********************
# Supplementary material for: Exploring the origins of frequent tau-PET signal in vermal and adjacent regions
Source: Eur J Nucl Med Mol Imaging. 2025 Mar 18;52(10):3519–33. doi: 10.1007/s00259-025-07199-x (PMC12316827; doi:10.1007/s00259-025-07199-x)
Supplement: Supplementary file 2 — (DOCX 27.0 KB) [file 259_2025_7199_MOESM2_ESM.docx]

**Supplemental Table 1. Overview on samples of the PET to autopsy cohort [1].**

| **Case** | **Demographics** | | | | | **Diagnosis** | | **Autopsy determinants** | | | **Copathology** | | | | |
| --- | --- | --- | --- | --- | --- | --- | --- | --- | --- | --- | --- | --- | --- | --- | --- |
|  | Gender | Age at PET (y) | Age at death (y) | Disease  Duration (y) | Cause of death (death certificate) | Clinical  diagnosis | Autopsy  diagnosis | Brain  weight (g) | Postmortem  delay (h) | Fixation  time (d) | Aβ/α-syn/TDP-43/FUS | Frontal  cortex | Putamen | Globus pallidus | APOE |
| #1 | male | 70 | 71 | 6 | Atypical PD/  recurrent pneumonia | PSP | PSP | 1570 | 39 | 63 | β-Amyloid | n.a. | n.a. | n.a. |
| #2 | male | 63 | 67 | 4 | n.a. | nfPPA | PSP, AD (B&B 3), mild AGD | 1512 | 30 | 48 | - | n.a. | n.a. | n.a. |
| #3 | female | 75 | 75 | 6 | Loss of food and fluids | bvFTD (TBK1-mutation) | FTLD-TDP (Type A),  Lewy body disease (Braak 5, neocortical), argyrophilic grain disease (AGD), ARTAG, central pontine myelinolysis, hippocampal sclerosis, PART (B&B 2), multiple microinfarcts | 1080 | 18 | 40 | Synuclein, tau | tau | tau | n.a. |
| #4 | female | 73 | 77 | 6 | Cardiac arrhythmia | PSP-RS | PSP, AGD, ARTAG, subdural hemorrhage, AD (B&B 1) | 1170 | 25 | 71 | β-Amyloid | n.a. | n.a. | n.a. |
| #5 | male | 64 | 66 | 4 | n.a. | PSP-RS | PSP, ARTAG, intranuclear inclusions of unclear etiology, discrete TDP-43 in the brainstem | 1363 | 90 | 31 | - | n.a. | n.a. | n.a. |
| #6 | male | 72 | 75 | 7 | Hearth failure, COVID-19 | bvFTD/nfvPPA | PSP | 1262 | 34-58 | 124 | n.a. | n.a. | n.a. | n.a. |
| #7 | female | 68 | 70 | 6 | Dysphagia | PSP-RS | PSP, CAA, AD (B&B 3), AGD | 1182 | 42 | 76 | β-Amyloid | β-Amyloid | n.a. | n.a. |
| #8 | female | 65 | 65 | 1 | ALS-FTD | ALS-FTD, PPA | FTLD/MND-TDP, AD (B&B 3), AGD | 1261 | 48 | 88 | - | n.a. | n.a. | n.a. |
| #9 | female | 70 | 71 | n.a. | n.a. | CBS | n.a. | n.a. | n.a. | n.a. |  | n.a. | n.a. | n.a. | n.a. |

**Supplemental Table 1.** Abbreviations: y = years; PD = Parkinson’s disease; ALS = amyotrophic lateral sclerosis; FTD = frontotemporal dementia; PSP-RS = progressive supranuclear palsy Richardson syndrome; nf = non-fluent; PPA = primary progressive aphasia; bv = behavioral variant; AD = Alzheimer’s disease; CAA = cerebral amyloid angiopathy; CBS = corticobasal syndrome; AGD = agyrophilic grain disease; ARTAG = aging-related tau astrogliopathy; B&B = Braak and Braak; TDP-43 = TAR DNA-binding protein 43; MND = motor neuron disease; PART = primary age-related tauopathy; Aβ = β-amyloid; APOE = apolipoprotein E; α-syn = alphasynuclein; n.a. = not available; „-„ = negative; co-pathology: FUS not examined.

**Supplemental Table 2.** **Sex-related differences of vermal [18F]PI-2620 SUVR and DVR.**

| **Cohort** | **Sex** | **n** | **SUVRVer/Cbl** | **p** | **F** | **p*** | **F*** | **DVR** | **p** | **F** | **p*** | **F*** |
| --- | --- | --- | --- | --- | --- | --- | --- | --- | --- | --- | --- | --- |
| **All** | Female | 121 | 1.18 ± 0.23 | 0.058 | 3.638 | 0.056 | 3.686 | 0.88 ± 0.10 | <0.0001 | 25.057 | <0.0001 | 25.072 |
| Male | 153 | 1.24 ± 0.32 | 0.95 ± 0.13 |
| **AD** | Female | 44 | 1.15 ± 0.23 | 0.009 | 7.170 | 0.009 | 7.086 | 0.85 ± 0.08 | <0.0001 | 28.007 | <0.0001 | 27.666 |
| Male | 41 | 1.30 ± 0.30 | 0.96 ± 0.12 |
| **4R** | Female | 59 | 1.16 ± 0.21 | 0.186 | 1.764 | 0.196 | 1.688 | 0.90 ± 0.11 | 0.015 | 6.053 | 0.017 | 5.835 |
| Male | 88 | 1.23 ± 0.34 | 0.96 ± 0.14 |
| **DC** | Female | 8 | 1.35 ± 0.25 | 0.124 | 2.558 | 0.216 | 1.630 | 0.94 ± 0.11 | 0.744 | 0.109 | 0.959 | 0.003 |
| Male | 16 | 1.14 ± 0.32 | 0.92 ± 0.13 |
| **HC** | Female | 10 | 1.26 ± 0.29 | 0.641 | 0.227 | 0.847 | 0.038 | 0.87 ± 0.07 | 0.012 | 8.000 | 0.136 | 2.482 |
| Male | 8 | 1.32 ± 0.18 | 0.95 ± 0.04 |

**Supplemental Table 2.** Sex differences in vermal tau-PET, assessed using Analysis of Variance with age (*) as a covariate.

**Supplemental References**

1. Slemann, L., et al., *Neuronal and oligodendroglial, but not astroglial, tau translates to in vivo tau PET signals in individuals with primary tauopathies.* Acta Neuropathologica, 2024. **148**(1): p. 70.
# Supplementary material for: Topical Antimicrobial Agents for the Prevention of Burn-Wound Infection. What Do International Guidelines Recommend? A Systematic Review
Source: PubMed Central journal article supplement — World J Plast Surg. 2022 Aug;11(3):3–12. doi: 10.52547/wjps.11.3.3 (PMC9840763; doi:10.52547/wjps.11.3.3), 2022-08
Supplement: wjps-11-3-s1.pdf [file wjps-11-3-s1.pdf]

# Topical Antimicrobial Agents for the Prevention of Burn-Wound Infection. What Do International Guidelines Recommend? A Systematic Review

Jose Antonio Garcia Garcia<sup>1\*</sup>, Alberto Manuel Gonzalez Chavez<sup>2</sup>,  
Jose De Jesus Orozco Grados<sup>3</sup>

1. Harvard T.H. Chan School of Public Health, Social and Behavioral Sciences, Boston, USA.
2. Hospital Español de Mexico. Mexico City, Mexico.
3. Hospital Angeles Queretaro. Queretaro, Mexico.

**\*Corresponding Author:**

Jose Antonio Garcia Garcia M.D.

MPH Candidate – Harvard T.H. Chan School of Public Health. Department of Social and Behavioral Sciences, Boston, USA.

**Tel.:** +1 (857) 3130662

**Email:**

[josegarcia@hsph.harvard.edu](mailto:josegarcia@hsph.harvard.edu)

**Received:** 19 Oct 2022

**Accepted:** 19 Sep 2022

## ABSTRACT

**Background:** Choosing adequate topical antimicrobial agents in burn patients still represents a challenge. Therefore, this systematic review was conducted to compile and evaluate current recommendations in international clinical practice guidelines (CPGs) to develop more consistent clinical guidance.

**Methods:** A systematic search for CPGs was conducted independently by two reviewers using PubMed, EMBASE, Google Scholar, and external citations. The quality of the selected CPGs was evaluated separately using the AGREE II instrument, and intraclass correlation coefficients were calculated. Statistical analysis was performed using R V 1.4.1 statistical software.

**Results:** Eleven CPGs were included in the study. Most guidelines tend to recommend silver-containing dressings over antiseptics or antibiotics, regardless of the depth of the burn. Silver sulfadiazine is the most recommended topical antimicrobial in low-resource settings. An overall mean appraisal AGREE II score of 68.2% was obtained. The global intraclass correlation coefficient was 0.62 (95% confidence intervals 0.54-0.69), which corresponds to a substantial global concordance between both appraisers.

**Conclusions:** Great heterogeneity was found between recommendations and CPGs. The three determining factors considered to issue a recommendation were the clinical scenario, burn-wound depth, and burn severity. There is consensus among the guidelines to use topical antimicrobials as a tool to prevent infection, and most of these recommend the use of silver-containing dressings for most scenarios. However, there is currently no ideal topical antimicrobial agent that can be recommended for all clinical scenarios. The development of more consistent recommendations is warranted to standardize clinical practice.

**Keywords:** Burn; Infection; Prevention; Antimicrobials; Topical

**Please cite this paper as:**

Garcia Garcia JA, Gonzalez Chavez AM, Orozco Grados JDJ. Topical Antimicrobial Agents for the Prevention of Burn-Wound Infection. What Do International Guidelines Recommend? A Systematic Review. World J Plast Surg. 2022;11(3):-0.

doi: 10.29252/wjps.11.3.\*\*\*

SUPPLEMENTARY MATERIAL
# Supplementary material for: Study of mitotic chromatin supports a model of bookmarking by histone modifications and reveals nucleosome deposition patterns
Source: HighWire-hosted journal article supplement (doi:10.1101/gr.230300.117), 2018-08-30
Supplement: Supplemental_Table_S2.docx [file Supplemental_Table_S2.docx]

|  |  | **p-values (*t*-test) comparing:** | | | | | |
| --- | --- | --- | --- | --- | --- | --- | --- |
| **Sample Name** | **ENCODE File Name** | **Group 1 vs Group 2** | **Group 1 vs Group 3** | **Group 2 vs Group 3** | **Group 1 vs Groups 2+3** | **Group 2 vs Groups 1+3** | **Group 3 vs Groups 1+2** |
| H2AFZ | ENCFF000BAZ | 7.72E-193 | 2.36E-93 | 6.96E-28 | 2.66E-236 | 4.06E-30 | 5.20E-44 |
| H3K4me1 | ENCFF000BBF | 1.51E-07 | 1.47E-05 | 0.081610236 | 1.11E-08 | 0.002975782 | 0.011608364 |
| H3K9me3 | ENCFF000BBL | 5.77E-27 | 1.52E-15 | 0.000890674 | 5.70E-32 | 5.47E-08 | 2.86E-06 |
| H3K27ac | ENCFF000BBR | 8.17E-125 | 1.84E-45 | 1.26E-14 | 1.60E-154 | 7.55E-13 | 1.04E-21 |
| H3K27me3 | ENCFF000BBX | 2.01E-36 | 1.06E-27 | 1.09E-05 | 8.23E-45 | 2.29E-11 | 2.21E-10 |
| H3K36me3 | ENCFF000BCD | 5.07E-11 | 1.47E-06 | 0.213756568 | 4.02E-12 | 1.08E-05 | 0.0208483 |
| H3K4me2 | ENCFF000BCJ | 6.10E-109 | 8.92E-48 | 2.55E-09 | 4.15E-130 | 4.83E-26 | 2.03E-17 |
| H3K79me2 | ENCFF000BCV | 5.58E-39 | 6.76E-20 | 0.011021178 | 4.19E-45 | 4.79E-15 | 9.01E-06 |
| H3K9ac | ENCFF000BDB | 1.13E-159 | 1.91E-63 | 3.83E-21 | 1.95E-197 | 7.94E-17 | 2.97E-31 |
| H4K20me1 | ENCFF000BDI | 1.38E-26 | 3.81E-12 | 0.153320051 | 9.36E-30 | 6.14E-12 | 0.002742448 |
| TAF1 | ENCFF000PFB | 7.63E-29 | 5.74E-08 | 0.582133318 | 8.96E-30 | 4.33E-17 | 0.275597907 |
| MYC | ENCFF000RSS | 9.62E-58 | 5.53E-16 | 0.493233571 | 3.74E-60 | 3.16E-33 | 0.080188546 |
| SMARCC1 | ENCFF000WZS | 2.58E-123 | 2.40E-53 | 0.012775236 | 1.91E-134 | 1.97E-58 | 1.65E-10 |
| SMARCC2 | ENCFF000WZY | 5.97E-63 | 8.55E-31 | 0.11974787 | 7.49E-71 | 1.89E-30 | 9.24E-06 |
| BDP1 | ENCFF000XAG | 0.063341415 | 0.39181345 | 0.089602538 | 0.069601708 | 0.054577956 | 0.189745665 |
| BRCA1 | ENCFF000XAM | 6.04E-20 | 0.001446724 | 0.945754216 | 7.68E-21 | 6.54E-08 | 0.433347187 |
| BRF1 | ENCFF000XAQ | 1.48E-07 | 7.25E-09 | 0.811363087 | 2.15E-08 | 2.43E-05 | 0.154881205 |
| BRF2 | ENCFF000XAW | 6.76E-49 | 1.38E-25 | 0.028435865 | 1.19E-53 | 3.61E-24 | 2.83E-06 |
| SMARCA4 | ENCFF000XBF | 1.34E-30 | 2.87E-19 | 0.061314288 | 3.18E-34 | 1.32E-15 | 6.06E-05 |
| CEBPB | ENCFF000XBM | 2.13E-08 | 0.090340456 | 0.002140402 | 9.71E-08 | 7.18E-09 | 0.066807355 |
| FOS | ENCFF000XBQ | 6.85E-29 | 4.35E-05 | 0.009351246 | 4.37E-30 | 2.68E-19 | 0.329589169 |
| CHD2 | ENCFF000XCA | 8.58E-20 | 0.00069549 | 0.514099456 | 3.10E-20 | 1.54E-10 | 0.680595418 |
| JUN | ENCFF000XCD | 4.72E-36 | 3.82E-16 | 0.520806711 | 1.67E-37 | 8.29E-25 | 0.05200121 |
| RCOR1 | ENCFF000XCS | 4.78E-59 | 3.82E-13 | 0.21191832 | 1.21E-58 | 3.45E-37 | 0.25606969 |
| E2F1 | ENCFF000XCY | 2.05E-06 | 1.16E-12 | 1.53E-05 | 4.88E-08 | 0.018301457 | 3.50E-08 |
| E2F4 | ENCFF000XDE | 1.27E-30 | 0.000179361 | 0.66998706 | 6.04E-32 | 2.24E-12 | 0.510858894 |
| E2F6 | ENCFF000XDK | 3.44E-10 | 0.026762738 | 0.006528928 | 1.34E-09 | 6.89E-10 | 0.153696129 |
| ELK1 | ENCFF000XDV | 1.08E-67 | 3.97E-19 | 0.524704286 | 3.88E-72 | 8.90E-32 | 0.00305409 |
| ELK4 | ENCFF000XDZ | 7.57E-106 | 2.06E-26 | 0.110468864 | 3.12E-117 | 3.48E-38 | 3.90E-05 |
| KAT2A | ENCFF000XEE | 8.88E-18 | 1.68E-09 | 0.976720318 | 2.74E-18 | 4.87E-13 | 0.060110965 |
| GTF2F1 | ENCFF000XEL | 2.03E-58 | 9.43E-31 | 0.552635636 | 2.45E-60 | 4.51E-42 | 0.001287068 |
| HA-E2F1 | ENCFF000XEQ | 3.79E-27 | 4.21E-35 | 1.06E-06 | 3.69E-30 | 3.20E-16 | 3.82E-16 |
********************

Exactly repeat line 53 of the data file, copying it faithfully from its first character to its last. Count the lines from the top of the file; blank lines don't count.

**Methods:** A systematic search for CPGs was conducted independently by two reviewers using PubMed, EMBASE, Google Scholar, and external citations. The quality of the selected CPGs was evaluated separately using the AGREE II instrument, and intraclass correlation coefficients were calculated. Statistical analysis was performed using R V 1.4.1 statistical software.